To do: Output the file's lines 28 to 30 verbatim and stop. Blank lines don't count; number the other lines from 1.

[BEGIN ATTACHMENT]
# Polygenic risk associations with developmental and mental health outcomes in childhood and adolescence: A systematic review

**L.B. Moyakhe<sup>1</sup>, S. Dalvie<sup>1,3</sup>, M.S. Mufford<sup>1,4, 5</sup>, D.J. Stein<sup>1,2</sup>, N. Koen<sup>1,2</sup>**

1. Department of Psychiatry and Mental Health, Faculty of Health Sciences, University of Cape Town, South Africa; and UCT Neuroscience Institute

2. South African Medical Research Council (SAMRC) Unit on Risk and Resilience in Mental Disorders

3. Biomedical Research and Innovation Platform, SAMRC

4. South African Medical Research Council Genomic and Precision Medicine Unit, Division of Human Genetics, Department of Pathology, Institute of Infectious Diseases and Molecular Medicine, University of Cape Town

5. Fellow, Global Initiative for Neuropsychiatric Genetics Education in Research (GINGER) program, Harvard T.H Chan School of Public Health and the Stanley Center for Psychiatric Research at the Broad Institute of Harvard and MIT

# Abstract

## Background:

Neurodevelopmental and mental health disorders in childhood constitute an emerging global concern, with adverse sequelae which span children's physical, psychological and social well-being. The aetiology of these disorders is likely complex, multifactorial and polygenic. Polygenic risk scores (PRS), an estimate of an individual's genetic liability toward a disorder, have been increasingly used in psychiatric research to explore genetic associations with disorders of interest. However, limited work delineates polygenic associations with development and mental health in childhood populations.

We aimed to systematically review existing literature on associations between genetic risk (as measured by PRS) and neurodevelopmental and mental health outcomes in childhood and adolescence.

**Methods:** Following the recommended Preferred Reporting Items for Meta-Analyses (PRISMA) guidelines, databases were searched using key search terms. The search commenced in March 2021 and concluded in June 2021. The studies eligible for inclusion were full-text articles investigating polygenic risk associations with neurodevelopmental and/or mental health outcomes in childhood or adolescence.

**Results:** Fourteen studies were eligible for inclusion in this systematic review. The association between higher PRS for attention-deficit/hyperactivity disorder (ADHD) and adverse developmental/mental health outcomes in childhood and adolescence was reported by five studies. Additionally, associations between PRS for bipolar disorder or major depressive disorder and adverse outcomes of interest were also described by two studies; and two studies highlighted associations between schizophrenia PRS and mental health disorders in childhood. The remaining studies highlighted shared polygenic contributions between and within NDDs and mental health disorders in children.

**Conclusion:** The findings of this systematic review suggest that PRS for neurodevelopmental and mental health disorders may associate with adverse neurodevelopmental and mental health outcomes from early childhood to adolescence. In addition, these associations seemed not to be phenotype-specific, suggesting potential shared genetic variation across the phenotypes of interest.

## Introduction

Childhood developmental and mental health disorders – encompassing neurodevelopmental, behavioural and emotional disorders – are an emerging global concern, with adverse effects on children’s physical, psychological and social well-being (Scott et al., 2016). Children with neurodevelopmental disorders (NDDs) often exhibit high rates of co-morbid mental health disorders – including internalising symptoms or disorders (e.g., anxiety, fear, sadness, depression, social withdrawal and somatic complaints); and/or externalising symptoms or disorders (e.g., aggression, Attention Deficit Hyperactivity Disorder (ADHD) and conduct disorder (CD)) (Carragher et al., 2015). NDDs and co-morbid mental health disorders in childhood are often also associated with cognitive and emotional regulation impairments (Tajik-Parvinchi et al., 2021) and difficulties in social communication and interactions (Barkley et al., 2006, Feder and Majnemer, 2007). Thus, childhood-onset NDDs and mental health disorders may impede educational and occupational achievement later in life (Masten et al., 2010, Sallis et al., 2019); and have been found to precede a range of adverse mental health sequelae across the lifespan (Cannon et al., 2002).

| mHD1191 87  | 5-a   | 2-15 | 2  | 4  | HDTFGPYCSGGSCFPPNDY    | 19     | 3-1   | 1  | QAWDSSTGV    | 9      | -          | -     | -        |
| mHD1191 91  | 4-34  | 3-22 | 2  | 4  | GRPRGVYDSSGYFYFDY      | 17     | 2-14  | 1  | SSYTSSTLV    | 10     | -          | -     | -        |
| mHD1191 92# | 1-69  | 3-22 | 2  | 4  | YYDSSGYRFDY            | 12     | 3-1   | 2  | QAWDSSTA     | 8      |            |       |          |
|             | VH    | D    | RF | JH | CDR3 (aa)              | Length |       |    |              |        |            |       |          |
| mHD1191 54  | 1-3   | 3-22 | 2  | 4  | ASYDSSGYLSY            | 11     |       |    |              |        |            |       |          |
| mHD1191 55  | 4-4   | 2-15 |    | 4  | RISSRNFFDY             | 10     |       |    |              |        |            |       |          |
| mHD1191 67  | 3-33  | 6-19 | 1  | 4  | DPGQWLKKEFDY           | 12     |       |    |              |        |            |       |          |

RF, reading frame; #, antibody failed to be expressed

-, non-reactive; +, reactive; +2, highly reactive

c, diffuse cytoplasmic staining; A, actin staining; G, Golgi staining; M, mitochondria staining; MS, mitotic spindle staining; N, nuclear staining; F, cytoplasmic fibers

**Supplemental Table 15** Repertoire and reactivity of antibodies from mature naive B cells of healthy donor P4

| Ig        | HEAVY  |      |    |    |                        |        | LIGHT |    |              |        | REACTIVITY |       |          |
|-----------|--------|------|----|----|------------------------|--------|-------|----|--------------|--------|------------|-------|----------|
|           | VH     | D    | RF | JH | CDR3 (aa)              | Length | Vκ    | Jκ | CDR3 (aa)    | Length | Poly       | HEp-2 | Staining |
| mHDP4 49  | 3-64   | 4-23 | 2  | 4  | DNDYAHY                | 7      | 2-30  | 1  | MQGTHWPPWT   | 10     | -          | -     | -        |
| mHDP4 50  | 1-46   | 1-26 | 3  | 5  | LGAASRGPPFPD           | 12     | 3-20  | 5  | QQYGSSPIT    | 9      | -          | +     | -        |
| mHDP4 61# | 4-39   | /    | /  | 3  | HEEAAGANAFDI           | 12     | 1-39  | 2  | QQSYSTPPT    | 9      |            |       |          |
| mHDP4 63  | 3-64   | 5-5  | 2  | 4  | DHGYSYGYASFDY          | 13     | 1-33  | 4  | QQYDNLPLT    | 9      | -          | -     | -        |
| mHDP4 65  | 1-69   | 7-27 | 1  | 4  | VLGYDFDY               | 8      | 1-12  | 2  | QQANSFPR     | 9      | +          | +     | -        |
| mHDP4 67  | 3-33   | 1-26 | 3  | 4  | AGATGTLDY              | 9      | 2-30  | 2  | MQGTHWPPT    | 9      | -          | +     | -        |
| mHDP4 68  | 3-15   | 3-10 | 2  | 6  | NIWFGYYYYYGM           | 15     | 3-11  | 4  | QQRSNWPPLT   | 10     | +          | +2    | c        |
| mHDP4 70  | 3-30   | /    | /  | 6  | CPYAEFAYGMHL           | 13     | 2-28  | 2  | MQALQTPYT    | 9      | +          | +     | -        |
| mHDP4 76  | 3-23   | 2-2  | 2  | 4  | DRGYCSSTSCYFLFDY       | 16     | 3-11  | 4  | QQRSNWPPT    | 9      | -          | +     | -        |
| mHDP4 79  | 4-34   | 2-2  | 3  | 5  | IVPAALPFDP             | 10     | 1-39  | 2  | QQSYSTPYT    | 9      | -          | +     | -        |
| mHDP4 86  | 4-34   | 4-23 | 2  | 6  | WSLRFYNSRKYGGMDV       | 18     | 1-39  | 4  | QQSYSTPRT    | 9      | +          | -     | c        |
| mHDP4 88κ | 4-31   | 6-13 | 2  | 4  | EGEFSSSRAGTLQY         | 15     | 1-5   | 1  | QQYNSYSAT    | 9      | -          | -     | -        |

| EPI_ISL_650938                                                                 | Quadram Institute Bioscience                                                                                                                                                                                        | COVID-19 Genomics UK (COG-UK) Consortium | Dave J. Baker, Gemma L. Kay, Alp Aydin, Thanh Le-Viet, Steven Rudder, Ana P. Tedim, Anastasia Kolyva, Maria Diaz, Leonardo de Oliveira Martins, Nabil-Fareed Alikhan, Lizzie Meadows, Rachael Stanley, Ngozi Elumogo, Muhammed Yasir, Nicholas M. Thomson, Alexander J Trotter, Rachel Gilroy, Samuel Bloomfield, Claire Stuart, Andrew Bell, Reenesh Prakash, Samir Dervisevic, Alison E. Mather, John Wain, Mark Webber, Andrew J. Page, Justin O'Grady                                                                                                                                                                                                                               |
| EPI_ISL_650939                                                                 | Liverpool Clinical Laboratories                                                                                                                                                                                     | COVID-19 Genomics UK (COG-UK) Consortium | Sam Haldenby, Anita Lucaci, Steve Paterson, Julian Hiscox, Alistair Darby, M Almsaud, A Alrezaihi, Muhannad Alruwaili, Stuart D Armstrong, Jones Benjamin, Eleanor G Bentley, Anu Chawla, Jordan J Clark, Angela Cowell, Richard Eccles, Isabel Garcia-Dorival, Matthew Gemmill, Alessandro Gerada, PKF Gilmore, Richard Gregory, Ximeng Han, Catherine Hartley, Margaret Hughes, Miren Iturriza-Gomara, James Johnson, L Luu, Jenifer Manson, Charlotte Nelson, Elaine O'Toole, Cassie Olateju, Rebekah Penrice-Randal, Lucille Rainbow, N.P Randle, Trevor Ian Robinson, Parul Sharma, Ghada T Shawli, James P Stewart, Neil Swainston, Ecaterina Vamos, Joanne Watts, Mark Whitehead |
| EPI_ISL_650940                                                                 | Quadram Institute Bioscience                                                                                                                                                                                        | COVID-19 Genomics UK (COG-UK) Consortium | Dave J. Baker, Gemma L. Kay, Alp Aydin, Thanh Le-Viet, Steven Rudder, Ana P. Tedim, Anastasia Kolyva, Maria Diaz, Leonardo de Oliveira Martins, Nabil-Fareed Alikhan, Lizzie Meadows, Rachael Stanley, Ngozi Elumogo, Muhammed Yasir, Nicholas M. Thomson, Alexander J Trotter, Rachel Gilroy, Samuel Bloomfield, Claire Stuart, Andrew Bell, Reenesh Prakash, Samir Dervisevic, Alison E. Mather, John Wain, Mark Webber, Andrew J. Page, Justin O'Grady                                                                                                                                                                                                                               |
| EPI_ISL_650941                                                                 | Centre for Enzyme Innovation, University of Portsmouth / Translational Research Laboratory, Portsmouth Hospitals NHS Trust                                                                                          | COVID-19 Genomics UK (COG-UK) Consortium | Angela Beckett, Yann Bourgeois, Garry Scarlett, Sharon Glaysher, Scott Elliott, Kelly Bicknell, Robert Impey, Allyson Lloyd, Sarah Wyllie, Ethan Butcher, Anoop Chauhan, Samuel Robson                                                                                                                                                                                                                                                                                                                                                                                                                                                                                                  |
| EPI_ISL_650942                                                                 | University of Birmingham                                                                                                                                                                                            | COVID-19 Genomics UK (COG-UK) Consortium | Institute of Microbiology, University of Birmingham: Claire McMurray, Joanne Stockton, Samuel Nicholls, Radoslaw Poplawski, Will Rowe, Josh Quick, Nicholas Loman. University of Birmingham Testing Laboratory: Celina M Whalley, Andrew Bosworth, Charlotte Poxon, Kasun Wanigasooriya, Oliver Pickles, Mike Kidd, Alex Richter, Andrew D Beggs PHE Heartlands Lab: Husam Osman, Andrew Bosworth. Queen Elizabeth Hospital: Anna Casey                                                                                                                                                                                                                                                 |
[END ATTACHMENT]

| Ig        | HEAVY  |      |    |    |                        |        | LIGHT |    |              |        | REACTIVITY |       |          |
|-----------|--------|------|----|----|------------------------|--------|-------|----|--------------|--------|------------|-------|----------|
|           | VH     | D    | RF | JH | CDR3 (aa)              | Length | Vκ    | Jκ | CDR3 (aa)    | Length | Poly       | HEp-2 | Staining |